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Tallahassee's conflicted interests

Why real ethics reform will never happen in Florida

An extensive Tampa Bay Times investigation in 2011 found that education concerns lie at the heart of much of Tallahassee's perceived corruption, even beyond the Sansom case. Specifically, Florida's leadership in the for-profit charter school boom has called the financial interests of many of the state's legislators into question.

State Rep. Erik Fresen, R-Miami, served on the House K-20 Competitiveness Subcommittee and voted in favor of a bill that would make charter-school expansion easier in 2011. His sister is vice president of charter operation Academica, and would stand to profit from the legislation. A complaint was filed with the Florida Commission on Ethics citing Fresen's lack of disclosure, but he was absolved of any guilt.

Former state Rep. John Legg, R-New Port Richey, owned a charter school called Dayspring Academy and sought special treatment from the Pasco County School Board bypassing lottery requirement for kindergarten advancement in 2011. An outspoken advocate for charter school legislation – for obvious reasons – Legg was partially responsible for much of the pro-charter-school legislation passed throughout his eight years of public service. A complaint filed in 2010 alleging numerous conflicts involving Legg was dismissed by the ethics commission. Even current House Speaker Weatherford had his hands in the charter game, submitting his own application to open a charter school in Pasco County after voting in favor of Fresen's bill. The application was denied.

All of which makes this current slouch toward ethical reform that much more suspect for Ritter.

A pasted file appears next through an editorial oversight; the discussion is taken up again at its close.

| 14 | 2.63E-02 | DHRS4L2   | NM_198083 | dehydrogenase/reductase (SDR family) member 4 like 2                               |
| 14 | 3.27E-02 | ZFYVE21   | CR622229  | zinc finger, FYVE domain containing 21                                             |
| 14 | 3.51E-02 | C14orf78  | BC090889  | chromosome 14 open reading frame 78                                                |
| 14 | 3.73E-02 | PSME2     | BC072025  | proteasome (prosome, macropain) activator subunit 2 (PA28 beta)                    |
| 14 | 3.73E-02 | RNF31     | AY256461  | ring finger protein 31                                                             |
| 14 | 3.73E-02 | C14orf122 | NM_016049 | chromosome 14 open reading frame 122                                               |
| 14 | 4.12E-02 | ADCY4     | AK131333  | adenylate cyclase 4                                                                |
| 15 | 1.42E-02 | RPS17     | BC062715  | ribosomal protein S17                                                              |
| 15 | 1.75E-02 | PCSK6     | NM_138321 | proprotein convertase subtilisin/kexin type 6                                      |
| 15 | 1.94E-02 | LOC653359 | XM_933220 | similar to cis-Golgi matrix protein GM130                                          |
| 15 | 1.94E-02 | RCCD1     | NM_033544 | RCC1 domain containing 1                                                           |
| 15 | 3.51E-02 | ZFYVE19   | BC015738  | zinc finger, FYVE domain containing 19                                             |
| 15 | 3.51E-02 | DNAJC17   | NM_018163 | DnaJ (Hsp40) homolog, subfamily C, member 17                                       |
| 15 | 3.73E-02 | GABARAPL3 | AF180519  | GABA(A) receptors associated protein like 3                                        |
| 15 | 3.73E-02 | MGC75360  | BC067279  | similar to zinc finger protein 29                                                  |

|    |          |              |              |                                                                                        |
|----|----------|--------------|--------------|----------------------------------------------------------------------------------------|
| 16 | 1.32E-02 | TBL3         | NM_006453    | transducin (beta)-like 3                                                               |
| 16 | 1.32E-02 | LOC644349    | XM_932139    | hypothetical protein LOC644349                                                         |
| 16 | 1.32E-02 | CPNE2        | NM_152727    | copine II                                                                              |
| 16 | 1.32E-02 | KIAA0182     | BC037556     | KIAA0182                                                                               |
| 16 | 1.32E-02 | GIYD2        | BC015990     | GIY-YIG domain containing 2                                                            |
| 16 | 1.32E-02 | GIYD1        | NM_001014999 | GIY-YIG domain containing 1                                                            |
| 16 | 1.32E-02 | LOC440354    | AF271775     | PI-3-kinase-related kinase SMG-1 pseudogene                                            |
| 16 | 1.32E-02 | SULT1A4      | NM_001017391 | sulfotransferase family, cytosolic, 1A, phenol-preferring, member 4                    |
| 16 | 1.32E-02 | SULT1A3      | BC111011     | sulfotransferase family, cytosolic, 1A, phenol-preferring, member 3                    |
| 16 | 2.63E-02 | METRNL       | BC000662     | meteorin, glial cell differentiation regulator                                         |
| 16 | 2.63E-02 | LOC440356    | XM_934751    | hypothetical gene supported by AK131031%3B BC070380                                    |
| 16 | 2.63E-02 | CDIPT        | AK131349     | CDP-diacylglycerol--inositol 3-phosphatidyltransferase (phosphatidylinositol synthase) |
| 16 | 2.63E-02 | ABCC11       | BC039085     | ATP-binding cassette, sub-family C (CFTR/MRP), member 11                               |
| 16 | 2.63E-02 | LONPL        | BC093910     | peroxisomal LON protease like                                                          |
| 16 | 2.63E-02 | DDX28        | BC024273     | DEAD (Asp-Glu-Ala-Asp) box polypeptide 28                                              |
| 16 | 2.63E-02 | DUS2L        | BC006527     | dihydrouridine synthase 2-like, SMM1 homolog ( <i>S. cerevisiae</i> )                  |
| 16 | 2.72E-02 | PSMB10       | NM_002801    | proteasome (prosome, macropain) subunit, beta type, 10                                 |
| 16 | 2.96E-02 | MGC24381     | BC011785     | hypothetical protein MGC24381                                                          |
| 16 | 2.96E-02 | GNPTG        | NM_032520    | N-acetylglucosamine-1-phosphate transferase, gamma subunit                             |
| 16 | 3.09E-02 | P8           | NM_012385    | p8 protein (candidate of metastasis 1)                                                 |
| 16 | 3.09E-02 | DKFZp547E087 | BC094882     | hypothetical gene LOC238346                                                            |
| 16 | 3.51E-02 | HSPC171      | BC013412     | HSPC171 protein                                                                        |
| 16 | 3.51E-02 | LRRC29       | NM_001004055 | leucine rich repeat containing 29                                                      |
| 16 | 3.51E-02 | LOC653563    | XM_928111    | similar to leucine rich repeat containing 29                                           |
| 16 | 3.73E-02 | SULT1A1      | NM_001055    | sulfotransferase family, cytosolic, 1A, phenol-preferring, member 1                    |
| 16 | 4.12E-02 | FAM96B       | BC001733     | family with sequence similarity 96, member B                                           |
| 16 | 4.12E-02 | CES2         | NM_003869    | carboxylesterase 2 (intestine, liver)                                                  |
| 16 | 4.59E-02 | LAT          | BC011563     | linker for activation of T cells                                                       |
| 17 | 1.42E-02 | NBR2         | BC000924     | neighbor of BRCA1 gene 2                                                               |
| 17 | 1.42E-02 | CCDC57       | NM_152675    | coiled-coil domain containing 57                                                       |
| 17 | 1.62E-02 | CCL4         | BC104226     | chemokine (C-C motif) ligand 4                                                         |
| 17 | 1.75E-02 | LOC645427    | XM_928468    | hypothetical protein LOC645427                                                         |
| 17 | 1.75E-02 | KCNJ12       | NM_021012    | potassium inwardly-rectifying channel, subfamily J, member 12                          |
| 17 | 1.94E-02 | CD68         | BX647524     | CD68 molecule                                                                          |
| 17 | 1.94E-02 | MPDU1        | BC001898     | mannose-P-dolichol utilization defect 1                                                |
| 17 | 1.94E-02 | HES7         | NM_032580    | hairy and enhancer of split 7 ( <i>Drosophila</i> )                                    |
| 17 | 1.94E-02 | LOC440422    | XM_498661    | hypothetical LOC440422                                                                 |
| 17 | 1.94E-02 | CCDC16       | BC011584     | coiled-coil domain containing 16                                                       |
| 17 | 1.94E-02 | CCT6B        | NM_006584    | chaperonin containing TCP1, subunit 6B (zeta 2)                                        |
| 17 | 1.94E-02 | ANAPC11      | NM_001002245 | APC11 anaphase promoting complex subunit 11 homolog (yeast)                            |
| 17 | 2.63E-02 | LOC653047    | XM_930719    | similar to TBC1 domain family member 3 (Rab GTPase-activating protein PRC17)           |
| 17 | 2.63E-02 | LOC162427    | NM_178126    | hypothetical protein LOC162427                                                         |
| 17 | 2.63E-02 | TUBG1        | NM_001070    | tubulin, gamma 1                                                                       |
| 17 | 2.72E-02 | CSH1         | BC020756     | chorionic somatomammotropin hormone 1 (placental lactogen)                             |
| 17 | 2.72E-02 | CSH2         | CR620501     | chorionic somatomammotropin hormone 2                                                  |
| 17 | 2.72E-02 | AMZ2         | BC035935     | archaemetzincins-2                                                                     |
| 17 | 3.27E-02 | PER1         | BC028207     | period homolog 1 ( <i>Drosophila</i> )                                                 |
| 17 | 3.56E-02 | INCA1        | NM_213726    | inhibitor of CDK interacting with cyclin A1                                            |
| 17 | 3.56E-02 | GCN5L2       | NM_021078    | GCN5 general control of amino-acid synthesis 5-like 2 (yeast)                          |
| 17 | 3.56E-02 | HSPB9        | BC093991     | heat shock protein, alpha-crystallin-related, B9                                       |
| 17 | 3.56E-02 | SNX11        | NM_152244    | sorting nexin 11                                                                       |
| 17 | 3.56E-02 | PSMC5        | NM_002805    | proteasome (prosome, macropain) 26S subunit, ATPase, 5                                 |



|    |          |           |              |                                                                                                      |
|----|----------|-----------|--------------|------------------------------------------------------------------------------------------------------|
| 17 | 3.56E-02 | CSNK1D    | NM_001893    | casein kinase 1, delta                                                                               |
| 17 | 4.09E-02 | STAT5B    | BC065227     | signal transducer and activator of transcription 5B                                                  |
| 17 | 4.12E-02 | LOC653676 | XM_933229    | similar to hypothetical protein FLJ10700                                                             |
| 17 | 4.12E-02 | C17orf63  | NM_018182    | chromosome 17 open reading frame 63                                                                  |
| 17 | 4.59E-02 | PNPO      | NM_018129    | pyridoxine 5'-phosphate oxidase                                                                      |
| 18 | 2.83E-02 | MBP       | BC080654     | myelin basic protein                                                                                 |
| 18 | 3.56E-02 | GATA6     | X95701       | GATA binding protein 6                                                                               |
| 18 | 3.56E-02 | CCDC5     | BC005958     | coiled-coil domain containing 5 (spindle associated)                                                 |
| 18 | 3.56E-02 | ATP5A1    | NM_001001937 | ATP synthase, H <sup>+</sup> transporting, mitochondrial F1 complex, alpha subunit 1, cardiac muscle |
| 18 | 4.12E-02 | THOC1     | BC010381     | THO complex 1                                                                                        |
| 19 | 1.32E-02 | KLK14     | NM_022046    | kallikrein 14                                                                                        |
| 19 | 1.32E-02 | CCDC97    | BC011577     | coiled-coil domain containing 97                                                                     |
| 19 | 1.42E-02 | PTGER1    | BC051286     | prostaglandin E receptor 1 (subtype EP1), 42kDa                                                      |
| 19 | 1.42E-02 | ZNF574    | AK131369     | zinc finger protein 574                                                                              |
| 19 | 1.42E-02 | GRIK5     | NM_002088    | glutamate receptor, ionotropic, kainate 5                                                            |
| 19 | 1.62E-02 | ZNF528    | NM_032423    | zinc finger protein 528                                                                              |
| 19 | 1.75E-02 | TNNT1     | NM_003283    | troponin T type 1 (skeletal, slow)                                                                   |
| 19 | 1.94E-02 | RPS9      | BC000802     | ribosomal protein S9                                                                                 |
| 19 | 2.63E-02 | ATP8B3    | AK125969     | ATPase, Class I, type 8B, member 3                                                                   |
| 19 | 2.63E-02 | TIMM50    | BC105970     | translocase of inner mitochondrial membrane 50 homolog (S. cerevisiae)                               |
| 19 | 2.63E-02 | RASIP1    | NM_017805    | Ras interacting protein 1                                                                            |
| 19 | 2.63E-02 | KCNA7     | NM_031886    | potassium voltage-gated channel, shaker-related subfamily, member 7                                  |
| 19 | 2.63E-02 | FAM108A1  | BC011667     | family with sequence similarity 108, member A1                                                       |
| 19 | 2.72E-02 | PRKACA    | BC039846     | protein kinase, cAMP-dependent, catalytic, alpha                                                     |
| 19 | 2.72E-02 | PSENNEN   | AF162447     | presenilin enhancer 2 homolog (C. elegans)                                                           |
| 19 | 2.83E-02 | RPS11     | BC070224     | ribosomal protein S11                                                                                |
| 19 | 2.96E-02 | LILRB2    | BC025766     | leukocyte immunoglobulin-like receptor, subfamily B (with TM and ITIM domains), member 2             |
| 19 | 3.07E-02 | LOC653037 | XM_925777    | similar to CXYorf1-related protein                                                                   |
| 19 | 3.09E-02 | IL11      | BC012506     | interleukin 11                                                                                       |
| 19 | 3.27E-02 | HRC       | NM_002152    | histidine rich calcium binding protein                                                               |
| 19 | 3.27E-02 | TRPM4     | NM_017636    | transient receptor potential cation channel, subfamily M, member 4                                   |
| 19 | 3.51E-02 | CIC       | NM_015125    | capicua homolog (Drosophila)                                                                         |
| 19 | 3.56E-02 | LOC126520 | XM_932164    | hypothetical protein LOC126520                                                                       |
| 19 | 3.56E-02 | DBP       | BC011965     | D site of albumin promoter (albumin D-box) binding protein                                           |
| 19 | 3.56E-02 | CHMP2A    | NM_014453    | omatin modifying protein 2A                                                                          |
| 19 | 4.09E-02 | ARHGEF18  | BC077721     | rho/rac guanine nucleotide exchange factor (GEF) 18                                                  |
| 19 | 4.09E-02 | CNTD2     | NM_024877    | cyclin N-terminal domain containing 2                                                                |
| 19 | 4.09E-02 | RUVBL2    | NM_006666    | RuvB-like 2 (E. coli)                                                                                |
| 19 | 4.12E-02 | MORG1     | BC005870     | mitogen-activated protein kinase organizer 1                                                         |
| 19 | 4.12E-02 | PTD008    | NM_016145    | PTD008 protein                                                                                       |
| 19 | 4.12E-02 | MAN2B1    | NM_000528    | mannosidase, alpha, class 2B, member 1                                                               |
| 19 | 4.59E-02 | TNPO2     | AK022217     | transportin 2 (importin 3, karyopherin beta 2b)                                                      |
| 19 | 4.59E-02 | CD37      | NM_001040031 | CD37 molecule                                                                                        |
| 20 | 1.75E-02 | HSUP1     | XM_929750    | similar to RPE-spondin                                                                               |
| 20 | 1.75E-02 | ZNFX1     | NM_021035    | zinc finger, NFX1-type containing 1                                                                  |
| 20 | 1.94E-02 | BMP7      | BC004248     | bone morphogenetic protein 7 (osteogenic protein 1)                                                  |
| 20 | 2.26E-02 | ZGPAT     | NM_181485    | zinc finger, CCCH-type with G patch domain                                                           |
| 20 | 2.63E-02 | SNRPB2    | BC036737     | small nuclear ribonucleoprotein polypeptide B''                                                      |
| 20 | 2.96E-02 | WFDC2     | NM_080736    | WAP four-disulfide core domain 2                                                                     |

"Don Gaetz and Will Weatherford, they vote lock and step with the governor, and if they're getting their cues from Rick Scott, I would say that having a healthy level of skepticism is very much needed," she says. "These are legislators who make votes that are in clear conflicts of interest with their personal lives and their personal businesses. … We've heard this song and dance before."

To hear incoming legislators speak of it, the heralding of a new day for ethics in Tallahassee may not be all that it's cracked up to be. Beyond that first day of tone-setting oratory, other issues – controversial committee assignments, implementation of the Affordable Care Act and its required insurance exchanges, election reform – have cast a shadow over the singular idealism of a new brand of politics.

"It's hard to read right now, to be honest," says freshman state Rep. Joe Saunders, D-Orlando. "I don't get the sense that the Democratic caucus has a strong sense of what ethics reform is going to look like. What I think is meaningful is that you're hearing Gaetz and Weatherford talk about it.

"To me, what I hope is that as we explore what can very well be substantive reform around ethics, that we don't eclipse the need to have reform on our elections," he adds. "The fact that these two things are being connected right now, that's a serious concern."

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